Georgia State is adjusting to the conversion from a quarter calendar to a semester one that occurred in Fall 1998. This conversion caused a significant reduction in the number of student credit hours generated as well as shifts in where credit hours are being generated. In particular, students signed up for one fewer credit per semester on average. Part-time students, who in Fall 99 comprise approximately 45 percent of the student body, have particular difficulty in scheduling more than two courses per semester.

There has been a shift in faculty composition, especially in those responsible for core courses. With a rapid increase in the number of freshmen students, the use of part-time instructors (PTIs) in core courses increased dramatically from FY 97 to FY 99. This trend was reversed in FY 00 when a large number of PTI positions were converted to non-tenure track (NTT) positions - visiting instructors and visiting lecturers. This conversion is an interim step until we achieve stable enrollments. For Fall 99, PTIs taught 9.7 percent of credit hours compared with 17.7 percent in Fall 98. The percentage of credit hours taught by full-time faculty increased from 62% in Fall 95 to 71% in Fall 99.

Funding trends have been very positive over the past five years, especially for faculty and staff salaries that have had average annual raises of 5.5 percent. The total budget of the university has risen from $235.8 million in FY 96 to $383.0 million in FY 00; the General Operations budget has increased from $188.7 million to $267.2 million, a 41.6% increase, in the same time period. Over this same period, the rate of inflation was about 12 percent; therefore the University budget grew in real terms by about 30 percent. Support for academic programs and faculty and staff salaries increased dramatically. The goal of the 1995 strategic plan to redirect monies so that the proportion of the budget allocated to academic programs would increase was only marginally realized. Tuition growth has to remain an important goal, first to return to the credit-hour generation before semester conversion, and second to increase both the number of students and average number of credit hours that they take per term. Before full recovery from conversion from a quarter calendar to a semester calendar, there will be a challenge to maintain enrollments and credit hours (and hence tuition dollars) after the higher 2001 admission requirements are implemented.

Private giving is increasingly important for publicly assisted universities. A comprehensive campaign with a goal of $75 million is underway with a scheduled completion date of December 2000. As of December 31, 1999, over $70 million has been received or pledged. Private support has become necessary to secure state funding to support the academic mission of the University for buildings. Private support is also crucial for scholarships and fellowships to attract and retain excellent undergraduate and graduate students. Similarly, to recruit and retain high quality faculty, it is increasingly important to have endowed professorships and chairs.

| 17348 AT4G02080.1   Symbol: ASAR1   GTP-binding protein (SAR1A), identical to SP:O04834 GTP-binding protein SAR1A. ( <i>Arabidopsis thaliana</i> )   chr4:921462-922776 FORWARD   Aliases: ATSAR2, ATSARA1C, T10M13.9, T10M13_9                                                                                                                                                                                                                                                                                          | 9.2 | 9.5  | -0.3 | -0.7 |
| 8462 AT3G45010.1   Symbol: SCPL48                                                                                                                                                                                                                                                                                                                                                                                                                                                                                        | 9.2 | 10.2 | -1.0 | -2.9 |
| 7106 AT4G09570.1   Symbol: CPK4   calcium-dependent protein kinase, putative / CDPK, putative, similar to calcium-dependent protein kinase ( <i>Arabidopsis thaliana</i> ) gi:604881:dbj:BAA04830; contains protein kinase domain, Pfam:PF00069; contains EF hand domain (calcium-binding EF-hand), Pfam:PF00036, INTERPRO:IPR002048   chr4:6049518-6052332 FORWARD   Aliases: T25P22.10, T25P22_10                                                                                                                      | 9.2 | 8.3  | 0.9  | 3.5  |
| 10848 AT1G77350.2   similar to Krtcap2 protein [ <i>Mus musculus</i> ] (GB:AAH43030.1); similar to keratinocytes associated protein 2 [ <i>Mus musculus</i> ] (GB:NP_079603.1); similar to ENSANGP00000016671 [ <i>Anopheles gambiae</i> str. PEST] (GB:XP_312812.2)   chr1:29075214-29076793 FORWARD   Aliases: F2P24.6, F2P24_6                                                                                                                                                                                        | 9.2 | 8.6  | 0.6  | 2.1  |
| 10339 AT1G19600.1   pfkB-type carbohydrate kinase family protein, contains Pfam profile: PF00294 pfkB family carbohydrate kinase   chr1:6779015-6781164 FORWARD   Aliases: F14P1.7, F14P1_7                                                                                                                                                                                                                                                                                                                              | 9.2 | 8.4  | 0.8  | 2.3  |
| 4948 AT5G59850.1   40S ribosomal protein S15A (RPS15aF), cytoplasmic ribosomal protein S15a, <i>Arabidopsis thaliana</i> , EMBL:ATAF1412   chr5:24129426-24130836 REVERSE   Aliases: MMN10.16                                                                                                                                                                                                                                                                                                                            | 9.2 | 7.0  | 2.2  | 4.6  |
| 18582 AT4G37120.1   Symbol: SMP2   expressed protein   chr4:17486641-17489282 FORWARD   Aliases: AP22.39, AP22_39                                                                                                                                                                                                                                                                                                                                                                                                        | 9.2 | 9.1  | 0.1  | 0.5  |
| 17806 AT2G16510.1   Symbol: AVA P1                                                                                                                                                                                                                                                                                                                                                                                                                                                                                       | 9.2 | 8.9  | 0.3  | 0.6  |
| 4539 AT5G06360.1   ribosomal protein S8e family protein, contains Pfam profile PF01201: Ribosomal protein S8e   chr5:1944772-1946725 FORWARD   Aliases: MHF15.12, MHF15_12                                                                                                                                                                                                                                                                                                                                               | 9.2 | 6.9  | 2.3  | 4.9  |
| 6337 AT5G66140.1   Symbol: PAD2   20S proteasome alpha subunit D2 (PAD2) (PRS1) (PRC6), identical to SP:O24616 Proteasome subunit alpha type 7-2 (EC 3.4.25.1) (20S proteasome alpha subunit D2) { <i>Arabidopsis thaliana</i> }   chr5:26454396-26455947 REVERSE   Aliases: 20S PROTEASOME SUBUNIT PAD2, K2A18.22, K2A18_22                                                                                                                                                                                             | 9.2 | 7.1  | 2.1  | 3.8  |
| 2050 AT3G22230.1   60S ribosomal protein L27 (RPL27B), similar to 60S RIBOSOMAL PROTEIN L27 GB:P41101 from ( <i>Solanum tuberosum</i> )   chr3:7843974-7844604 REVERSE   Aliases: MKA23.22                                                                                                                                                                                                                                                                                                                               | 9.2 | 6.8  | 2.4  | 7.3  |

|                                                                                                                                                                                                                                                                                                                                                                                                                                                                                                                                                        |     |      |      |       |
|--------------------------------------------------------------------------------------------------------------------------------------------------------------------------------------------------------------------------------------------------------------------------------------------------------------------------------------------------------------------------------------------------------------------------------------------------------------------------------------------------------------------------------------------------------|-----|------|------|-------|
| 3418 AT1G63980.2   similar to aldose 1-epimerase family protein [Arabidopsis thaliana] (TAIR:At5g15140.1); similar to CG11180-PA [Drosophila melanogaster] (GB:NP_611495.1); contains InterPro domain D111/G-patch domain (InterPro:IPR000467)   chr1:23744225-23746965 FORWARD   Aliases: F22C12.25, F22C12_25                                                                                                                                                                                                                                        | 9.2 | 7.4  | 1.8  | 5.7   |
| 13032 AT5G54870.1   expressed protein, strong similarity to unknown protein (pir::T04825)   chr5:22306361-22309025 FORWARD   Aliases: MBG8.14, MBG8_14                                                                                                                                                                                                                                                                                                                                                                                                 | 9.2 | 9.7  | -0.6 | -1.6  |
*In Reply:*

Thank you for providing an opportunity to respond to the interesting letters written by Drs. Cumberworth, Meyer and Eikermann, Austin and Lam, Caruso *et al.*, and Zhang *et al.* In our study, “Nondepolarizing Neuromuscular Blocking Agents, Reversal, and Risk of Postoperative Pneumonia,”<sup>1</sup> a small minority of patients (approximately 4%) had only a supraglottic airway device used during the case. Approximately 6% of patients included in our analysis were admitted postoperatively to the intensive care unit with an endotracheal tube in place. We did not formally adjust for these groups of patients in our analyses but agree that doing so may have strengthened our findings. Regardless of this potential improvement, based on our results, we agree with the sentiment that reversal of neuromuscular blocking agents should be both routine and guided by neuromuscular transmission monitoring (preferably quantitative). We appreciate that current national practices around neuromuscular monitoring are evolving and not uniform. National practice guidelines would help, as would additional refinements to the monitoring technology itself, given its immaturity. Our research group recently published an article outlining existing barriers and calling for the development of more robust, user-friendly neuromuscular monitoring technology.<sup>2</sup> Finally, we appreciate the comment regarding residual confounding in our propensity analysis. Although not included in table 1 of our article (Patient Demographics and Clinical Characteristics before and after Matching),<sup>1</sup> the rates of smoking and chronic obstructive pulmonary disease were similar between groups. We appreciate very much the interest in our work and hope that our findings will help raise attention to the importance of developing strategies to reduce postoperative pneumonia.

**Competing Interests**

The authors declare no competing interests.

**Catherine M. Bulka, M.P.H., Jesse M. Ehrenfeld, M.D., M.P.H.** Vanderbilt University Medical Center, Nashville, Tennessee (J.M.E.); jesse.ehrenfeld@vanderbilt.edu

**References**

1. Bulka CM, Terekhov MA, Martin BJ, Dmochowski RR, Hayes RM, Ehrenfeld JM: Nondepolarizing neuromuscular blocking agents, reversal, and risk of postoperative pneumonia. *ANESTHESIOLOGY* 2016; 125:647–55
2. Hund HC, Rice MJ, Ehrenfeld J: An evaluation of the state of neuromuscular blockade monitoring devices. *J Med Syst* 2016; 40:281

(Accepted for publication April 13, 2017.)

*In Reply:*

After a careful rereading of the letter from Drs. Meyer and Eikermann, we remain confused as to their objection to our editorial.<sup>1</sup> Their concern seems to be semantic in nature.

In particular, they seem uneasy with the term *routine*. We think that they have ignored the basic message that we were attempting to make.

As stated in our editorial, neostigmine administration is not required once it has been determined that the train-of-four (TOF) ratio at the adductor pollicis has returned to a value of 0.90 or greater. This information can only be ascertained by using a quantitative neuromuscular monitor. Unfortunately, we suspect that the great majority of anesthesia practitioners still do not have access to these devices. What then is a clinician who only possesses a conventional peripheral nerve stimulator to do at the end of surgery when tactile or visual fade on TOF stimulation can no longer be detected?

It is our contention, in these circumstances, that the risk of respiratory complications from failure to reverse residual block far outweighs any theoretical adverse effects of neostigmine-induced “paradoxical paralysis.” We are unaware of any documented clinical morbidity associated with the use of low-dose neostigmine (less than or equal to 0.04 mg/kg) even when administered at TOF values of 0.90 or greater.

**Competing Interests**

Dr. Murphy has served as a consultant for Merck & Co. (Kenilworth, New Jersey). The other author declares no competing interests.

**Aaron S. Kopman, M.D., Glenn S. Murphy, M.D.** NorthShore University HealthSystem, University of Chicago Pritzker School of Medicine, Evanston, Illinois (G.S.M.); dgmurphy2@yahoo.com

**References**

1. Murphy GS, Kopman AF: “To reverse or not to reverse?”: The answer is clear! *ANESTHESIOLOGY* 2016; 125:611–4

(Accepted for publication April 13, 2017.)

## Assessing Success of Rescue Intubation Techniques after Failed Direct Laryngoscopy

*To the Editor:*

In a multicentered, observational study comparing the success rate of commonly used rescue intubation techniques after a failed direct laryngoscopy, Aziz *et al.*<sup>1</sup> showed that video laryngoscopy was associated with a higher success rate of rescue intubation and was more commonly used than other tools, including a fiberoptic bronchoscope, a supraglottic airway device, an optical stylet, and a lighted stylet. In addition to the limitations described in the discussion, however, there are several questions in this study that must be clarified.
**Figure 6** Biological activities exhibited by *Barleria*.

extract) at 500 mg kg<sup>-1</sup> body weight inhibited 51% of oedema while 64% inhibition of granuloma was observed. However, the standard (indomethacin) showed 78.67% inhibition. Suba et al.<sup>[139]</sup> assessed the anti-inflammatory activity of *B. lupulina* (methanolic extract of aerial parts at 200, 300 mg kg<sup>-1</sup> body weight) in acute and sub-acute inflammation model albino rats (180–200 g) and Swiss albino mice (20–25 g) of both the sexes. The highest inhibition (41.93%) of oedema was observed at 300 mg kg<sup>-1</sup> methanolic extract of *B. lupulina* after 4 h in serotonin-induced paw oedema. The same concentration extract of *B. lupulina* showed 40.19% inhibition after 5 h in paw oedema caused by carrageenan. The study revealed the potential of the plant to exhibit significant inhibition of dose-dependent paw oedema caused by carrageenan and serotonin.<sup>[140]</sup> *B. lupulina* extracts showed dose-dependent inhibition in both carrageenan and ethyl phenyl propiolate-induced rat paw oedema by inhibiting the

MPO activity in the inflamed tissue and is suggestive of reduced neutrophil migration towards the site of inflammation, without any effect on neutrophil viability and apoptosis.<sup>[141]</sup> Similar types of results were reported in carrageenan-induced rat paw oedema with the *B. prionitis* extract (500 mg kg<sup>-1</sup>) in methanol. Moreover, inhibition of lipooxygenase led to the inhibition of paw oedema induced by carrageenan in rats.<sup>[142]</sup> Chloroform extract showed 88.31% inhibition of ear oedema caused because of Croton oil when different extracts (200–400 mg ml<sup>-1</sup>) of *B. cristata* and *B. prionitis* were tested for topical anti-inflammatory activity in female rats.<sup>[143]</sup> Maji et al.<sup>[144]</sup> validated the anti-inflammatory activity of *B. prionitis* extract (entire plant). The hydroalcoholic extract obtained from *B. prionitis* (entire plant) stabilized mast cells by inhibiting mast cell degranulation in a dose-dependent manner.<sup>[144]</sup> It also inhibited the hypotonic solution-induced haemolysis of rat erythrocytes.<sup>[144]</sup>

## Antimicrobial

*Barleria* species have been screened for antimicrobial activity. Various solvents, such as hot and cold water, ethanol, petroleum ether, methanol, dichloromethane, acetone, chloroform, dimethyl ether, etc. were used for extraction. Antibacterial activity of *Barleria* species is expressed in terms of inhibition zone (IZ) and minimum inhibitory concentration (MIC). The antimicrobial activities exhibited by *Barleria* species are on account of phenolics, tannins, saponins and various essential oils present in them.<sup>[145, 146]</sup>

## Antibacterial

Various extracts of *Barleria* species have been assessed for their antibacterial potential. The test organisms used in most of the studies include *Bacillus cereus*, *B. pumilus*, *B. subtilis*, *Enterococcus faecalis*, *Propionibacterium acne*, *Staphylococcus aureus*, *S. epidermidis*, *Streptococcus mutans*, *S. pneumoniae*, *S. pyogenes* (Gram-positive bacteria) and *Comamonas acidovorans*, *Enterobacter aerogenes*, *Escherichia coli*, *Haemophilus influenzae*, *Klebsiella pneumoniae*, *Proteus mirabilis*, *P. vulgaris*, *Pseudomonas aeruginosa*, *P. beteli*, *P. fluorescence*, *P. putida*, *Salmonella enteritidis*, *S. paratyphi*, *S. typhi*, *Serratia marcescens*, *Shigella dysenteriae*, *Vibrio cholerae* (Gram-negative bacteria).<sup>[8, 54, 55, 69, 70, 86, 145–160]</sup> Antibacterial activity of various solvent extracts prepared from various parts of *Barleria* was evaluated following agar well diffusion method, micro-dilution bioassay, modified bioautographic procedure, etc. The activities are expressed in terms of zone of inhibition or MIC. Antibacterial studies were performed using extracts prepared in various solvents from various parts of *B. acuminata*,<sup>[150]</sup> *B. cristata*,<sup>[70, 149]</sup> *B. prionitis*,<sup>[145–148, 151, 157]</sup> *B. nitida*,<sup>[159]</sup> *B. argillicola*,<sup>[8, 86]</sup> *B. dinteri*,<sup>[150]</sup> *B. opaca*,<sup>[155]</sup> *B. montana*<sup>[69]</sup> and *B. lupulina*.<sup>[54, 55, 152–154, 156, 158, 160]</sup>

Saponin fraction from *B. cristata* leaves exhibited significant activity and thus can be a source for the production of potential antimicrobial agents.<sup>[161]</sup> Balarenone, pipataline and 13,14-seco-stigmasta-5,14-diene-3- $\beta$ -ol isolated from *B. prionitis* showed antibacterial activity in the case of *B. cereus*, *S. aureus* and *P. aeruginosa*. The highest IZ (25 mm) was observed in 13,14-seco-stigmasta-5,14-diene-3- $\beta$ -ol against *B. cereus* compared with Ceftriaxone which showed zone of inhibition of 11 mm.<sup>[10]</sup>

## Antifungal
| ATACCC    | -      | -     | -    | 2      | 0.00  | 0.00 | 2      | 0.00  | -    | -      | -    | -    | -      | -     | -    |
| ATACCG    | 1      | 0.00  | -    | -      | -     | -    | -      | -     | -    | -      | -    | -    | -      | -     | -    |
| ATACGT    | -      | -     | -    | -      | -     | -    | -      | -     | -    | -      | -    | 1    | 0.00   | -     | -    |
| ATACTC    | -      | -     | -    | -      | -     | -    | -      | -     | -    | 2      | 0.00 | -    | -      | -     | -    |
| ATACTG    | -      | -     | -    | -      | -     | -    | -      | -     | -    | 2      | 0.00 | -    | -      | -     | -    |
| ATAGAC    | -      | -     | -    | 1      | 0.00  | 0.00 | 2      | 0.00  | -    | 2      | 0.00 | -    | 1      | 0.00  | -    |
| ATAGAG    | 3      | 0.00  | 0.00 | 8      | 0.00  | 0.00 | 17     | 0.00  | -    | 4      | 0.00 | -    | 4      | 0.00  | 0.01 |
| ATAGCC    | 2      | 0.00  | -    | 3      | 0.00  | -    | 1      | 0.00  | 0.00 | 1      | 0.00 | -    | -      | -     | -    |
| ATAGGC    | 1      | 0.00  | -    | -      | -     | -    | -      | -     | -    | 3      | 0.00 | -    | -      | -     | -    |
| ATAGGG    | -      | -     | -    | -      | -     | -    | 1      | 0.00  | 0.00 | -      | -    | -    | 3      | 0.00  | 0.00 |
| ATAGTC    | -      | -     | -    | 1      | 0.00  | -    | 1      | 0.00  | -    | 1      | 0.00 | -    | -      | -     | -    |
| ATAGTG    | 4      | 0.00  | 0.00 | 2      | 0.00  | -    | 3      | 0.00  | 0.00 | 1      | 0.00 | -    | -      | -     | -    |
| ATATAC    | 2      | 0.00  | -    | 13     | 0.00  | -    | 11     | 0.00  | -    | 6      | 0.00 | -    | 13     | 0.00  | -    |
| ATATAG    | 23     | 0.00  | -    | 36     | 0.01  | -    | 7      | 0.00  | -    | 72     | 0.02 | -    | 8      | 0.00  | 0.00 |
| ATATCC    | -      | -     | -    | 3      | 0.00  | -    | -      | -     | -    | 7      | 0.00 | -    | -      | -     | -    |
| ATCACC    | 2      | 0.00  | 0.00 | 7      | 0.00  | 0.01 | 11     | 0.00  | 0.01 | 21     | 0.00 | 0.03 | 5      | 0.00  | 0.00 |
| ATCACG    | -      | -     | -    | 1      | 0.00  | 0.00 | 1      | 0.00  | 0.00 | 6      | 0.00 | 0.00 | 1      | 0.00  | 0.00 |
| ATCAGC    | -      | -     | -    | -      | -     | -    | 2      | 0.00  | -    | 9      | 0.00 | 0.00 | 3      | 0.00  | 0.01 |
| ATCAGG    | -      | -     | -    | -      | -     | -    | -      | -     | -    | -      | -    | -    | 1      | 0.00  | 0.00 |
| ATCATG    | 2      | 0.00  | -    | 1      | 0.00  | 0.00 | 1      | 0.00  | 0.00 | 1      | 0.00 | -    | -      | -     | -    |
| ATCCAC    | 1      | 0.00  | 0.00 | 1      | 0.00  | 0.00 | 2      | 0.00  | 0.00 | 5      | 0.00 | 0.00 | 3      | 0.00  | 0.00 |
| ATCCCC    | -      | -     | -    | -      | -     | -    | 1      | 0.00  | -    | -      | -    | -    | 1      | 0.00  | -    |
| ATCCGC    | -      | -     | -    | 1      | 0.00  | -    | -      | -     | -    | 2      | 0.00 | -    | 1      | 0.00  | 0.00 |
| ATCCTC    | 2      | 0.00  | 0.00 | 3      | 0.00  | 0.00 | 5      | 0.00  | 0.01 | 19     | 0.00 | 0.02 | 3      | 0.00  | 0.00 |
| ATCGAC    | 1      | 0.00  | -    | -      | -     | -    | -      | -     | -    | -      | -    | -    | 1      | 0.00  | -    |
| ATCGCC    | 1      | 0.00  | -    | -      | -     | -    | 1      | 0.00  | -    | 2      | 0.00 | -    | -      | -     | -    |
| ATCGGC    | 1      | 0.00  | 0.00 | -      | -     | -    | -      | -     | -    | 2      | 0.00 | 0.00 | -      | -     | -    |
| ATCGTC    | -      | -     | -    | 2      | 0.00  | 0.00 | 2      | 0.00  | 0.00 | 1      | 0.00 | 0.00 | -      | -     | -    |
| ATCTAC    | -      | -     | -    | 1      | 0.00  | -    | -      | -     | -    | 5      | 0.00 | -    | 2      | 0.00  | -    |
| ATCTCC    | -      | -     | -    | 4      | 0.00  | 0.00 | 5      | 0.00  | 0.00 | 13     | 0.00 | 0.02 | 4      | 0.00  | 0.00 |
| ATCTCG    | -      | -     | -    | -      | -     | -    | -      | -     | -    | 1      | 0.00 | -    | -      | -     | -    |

Higher education is facing a number of major trends including an emerging global economy that will give rise to a global community characterized by increased communications across national borders in education as well as in business, law, government, sciences, the arts, and entertainment. There has been an enormous increase in foreign investment in Georgia. One in seven jobs in the U.S. involve international trade and business.

Technology will penetrate even deeper into our daily lives. Information increasingly will become the capital of economic activity. The ability to locate, receive, analyze, and transmit information in oral, written, and numeric form will be crucial. The rate of change will accelerate. Those who have learned how to learn are best equipped to capitalize on such an environment. The Internet is unlike other technology advances, and is even more important than the introduction of personal computers. As Business Week stated in their special issue (Oct. 4, 1999) on The Internet Age: "The power to navigate the world at the click of a mouse is a force that is transforming our lives like none before." In the next five years most of our students will have high-speed access to the Internet and we need to explicitly factor that into our strategic planning. Soon we will be enrolling the first generation of students to take the Internet for granted. These students will never have known a world without computers. This situation offers both a great competitive threat and a great potential asset.

Another major trend is increasing demand for accountability on higher education. This is manifested nationally, with many states moving to performance-based budgeting. Regional accreditation agencies and major disciplinary accreditation organizations such as AACSB and NCATE are placing significant emphasis on student learning outcomes and use of data gathered to improve processes and outcomes.